The Warner Bros. logo is one of the most recognisable in the world; it's a piece of design history that has enabled many filmmakers to get creative over the years. The bold shield shape and graphic WB was so strong that even from the outset in 1938 with the movie The Adventures of Robin Hood it has been adapted, abused and misused. Let's celebrate some of those changes.
Last year Warner Bros. celebrated 100 years and launched a special logo to mark the occasion, with a clever logo refresh that enabled the company to highlight fan-favourite movies and characters. (Check out the best logos of all time for more examples of great logo design.)
What I love about the Warner Bros. logo design is just how malleable it is without ever losing its identity. Time and again the logo has chunks bitten out of it, recoloured, and even pulled, pushed and abused by a rattled Daffy Duck in the intro to Gremlins 2. Below I share some of the Warner Bros. logo variants that have impressed over the years. Is your favourite here?
With an ornate WB shield exploding with gold and silver jewellery this brings to life the movie's central character Elvis Presley. This Warner Bros. logo animation was created by DevaStudios.
The Batman (2022)
While many Warner Bros. logo variants are animated, The Batman is a still image, a bold red out of black. This is a version of the print logo, so we know we're about to get an authentic Batman movie.
In The Heights (2021)
A bold graffiti drawing of the Warner Bros. logo teases what's to come; while the WB shield appears darker than normal the final design is bright and bold.
The Warner Bros logo is encrusted with coral and seaweed and clearly beneath the ocean. Even with this detail and a portion of the WB shield missing it's still recognisable.
The Lego Movie (2014)
Ah, look, the Warner Bros shield is made from Lego bricks. This is so cute but it's the smallest details that sell the idea perfectly, from the Lego clouds being winched on string to the final reveal of the new (for the time) Warner Animation logo.
The Great Gatsby (2013)
The Art Deco era design aesthetic is played out on as the Warner Bros. logo sits within a set of elaborate gates. A nice touch is that the WB shield is depicted in black and white.
Sucker Punch (2011)
The film's stage is teased in this opening WB shield animation, with the logo projected onto the curtains. This one managed to echo the themes and tone of the movie perfectly.
The Losers (2010)
The Losers is based on a cult comic book, so the animation places the WB shield into a comic book panel. Designed by Prologue Films and animated and edited by Giovanni Bucci the other production logos follow the same aesthetic.
Where the Wild Things Are (2009)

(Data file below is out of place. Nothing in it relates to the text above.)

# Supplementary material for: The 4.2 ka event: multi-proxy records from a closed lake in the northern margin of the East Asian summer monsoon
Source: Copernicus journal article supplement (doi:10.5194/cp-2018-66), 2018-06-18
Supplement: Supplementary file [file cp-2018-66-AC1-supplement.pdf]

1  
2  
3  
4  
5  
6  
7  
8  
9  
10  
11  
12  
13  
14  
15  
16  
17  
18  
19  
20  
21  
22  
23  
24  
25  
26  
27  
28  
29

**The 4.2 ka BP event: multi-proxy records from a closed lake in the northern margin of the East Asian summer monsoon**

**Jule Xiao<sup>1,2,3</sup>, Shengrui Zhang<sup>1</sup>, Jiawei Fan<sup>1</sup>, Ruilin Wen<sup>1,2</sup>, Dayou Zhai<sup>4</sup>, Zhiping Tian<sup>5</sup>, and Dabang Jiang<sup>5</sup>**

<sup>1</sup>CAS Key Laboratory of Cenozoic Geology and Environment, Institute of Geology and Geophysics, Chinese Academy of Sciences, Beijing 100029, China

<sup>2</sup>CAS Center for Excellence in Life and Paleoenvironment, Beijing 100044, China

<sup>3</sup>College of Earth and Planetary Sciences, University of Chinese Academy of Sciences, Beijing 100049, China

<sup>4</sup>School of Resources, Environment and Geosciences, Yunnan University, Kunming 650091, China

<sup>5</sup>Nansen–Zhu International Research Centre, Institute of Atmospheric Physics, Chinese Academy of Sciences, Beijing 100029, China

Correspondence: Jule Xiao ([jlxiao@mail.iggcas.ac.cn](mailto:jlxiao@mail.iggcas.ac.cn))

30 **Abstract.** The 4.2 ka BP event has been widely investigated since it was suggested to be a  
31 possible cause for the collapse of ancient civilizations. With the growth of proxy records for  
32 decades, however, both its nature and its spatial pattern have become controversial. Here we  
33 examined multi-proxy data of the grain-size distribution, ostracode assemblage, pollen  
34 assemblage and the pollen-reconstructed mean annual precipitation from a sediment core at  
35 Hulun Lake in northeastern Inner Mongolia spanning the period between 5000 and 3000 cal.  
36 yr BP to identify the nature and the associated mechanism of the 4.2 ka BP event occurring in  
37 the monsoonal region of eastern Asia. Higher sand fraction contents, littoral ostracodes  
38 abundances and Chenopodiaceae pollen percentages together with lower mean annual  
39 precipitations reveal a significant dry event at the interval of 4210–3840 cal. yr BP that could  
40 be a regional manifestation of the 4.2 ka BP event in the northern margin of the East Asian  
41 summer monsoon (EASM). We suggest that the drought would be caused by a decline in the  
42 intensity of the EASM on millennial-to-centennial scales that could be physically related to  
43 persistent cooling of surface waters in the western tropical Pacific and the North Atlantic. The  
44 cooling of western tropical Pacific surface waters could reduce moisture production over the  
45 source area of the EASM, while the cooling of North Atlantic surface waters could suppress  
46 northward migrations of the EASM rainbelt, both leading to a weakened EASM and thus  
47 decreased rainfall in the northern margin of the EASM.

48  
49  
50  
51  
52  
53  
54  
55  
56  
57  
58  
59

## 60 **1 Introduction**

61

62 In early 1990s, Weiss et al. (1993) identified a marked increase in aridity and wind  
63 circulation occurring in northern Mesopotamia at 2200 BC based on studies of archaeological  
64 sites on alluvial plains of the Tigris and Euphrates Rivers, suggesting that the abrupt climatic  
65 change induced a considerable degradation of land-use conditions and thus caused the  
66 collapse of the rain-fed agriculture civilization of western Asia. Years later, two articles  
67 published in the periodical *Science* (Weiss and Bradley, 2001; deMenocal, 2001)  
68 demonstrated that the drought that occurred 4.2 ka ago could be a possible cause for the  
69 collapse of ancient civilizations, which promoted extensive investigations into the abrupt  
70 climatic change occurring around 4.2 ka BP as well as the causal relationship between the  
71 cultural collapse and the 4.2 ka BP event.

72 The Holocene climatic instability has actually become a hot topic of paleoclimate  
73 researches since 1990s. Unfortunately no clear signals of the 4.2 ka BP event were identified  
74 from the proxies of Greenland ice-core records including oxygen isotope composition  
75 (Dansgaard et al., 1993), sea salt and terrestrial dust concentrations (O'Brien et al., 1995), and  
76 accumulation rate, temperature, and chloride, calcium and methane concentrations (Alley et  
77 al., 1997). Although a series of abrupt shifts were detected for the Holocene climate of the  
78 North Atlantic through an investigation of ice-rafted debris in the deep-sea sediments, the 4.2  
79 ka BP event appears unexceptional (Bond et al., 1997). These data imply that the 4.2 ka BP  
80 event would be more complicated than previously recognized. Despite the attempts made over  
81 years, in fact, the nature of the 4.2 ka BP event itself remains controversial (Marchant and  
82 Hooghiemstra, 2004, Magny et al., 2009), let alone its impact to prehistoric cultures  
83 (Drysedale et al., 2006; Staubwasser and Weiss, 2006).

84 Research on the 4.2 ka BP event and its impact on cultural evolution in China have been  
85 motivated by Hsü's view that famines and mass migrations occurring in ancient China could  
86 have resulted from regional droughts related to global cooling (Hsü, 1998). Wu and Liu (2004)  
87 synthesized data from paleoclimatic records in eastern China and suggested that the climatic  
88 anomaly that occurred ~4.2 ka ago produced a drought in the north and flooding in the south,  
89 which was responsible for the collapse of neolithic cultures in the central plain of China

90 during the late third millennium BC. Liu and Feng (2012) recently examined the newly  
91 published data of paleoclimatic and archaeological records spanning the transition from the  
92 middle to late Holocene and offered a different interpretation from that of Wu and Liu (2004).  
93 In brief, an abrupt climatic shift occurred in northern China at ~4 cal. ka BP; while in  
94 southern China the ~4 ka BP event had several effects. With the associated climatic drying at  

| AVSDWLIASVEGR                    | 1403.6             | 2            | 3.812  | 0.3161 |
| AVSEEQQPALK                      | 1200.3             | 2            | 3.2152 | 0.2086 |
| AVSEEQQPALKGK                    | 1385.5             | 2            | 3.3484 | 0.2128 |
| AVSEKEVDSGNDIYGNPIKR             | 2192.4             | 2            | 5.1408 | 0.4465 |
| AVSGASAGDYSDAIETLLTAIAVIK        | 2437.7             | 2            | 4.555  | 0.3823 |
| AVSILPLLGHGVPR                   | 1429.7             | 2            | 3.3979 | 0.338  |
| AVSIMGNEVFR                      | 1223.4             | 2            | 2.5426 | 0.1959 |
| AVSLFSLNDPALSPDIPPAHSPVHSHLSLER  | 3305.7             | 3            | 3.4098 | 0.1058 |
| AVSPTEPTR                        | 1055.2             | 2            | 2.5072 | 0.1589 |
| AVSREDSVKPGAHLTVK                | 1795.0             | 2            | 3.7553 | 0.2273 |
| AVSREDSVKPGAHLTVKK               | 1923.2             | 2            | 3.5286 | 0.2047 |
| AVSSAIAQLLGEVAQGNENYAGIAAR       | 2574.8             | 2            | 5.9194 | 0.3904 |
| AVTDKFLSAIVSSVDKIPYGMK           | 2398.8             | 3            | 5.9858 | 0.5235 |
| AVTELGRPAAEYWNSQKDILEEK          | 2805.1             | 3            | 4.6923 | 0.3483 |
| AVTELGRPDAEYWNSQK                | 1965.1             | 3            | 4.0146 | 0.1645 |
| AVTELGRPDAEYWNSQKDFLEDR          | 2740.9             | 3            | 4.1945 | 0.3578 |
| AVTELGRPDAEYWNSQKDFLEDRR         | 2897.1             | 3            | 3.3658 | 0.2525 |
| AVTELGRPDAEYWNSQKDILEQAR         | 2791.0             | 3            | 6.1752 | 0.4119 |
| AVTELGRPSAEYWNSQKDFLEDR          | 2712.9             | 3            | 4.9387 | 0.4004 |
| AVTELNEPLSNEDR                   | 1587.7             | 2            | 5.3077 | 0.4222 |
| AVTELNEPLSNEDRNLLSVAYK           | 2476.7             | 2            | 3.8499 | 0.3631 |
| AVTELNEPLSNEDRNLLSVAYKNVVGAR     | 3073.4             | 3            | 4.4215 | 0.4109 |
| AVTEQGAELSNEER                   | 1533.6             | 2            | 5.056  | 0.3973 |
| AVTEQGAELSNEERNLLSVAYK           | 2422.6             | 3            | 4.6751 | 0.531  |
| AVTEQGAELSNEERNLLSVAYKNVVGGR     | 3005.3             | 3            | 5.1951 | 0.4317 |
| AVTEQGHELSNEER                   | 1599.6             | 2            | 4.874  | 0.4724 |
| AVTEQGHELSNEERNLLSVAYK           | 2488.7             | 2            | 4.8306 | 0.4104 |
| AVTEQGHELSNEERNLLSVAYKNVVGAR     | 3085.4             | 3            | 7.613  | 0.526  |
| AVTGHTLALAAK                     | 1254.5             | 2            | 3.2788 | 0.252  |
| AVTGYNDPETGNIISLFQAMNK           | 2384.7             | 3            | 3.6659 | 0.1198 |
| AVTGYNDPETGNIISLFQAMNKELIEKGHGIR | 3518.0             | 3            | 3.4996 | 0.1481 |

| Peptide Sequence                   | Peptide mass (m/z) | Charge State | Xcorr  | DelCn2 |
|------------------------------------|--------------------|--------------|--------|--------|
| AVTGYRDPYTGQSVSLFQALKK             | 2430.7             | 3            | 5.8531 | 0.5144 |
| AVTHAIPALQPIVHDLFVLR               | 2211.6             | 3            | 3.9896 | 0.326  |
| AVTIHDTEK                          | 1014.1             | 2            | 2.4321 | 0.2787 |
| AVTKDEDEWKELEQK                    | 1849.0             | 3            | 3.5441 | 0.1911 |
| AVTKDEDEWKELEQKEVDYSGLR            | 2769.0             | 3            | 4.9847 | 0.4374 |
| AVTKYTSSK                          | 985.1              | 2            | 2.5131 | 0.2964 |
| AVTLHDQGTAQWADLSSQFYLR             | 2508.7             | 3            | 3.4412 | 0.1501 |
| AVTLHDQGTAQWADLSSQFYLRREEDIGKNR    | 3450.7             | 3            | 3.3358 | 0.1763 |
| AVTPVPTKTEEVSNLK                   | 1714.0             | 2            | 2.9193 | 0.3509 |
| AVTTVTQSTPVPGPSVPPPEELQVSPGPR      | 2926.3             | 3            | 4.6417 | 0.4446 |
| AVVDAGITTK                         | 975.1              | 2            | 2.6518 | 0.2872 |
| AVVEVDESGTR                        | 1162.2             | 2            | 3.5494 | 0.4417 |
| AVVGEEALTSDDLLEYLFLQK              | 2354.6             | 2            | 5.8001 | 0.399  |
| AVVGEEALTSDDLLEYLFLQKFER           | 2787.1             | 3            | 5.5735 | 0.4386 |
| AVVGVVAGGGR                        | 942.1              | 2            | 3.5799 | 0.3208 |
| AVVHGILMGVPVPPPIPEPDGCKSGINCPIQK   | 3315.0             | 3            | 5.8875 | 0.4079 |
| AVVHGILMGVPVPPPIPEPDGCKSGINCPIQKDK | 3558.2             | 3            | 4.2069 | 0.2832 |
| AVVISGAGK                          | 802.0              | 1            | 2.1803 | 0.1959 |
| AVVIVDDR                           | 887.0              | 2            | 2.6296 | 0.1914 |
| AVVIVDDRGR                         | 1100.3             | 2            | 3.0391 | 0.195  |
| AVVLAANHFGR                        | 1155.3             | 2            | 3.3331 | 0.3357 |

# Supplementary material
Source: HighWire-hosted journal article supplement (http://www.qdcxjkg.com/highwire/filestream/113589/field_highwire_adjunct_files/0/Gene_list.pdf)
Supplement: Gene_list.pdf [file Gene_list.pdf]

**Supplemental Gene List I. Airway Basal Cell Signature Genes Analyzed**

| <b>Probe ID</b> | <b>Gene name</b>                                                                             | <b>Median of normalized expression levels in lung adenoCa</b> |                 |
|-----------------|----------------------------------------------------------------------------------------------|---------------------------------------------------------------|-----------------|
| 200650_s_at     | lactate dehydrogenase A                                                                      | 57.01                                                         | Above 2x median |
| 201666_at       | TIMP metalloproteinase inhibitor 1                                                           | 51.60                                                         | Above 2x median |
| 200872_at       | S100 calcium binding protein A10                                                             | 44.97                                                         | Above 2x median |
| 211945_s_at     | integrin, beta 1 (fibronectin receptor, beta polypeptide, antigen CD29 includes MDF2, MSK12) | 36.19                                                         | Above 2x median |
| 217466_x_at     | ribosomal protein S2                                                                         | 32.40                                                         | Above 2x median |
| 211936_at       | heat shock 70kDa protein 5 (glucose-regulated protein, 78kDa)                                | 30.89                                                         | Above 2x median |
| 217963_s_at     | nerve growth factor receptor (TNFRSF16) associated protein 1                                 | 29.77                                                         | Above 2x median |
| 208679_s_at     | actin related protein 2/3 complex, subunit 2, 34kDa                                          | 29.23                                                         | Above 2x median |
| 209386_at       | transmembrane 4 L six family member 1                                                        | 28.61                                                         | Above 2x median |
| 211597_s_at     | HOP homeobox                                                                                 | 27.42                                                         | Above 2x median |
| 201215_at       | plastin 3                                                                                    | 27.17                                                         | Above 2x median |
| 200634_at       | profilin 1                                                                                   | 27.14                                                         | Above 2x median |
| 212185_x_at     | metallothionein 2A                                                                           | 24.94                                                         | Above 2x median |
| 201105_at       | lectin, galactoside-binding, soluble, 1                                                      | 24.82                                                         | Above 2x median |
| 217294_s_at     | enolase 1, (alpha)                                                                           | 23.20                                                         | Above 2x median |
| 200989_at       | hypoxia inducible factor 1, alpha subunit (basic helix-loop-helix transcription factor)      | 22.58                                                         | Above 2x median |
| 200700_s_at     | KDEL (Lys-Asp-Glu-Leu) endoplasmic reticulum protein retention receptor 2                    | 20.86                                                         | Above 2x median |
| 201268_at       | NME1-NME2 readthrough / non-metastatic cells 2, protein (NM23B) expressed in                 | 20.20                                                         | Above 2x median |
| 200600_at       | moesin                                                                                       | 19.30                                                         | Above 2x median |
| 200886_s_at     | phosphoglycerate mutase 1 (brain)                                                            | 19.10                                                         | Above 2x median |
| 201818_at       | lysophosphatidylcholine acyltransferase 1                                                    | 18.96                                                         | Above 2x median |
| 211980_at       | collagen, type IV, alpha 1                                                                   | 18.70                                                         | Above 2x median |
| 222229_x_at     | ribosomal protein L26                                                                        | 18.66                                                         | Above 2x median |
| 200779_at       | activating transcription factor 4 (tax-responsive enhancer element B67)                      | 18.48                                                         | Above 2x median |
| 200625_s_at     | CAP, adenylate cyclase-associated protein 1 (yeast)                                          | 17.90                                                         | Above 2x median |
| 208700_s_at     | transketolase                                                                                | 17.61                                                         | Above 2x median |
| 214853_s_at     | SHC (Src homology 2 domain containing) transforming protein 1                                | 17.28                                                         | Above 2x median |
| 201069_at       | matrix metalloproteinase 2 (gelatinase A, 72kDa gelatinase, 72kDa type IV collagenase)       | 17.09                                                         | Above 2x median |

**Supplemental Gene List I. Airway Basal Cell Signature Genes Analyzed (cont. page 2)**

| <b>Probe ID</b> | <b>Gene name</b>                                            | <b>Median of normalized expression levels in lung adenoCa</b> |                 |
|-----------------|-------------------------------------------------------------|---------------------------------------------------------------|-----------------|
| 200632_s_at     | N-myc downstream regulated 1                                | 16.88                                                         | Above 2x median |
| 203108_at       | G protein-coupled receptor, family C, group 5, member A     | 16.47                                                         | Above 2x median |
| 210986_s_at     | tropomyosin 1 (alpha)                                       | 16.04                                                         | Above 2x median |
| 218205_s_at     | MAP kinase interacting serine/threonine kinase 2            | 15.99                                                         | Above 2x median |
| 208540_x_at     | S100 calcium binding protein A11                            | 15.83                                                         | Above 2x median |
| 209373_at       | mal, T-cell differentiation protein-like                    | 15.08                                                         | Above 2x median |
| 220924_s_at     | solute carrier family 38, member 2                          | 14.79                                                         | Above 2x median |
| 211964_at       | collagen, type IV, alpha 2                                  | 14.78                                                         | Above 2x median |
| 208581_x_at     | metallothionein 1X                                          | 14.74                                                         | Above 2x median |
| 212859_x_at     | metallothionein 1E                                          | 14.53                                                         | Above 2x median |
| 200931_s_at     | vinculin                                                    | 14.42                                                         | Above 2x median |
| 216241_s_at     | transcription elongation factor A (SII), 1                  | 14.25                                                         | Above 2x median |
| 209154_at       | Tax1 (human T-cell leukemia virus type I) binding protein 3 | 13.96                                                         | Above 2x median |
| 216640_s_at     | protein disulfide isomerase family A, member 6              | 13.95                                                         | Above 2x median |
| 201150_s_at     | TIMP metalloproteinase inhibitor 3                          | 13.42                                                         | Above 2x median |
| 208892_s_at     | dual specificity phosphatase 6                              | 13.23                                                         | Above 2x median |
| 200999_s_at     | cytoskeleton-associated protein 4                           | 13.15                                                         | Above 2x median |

One of my favourites, this Warner Bros logo for Where the Wild Things Are is scribbled over by the movie's lead, Max. The childlike drawings turn the WB shield into the famous creature, Bernard The Bull.
When this Warner Bros. logo variant came out it really took people by surprise. The WB shield is animated to resemble invisible ink being lit to reveal the logo; it radiates from black and white to blue and hot magenta. Another one designed by Prologue Films.
The Curious Case of Benjamin Button (2008)
This one begins as a blank screen before thousands of buttons are dropped from above, the mix of colourful buttons creating the WB shield logo design as they accumulate.
Speed Racer (2008)
Another one from Prologue Films, Speed Racer opens with a series of spiralling kaleidoscopic backgrounds with the WB shield set in the middle. One of the best modern Warner Bros logo variants.
All seems fine with the WB shield, though keen observers will notice the clouds are slightly different. When the music ends abruptly and a chunk of the shield is bitten off, and Scooby-Doo laughs wildly, all is not what it seems. This is another one of the variants that demonstrates the strength of that shield design.
Ghost Ship (2002)
Perhaps the use of the 1953 3D shield is the most surprising thing about this so-so horror movie. The classic logo does, however, tease the spooky things we're about to witness and subtly celebrates Warner's b-movie credentials.
The Joker (2019)
The movie played on themes of nostalgia and an imagined past, so reworking the Warner Bros. logo into a variant of the classic 1973 design, as audiences would have seen at the start of Bruce Lee's Enter The Dragon, feels a good fit.
Warner Bros. has a long history of messing around with its iconic WB shield design, and this stretches back to the early days of this famous film producer. Here are some of my favourites, from top left we have Who’s That Girl? (1987), What's Up, Doc? (1972), The Tall Story (1960) and Blazing Saddles (1974).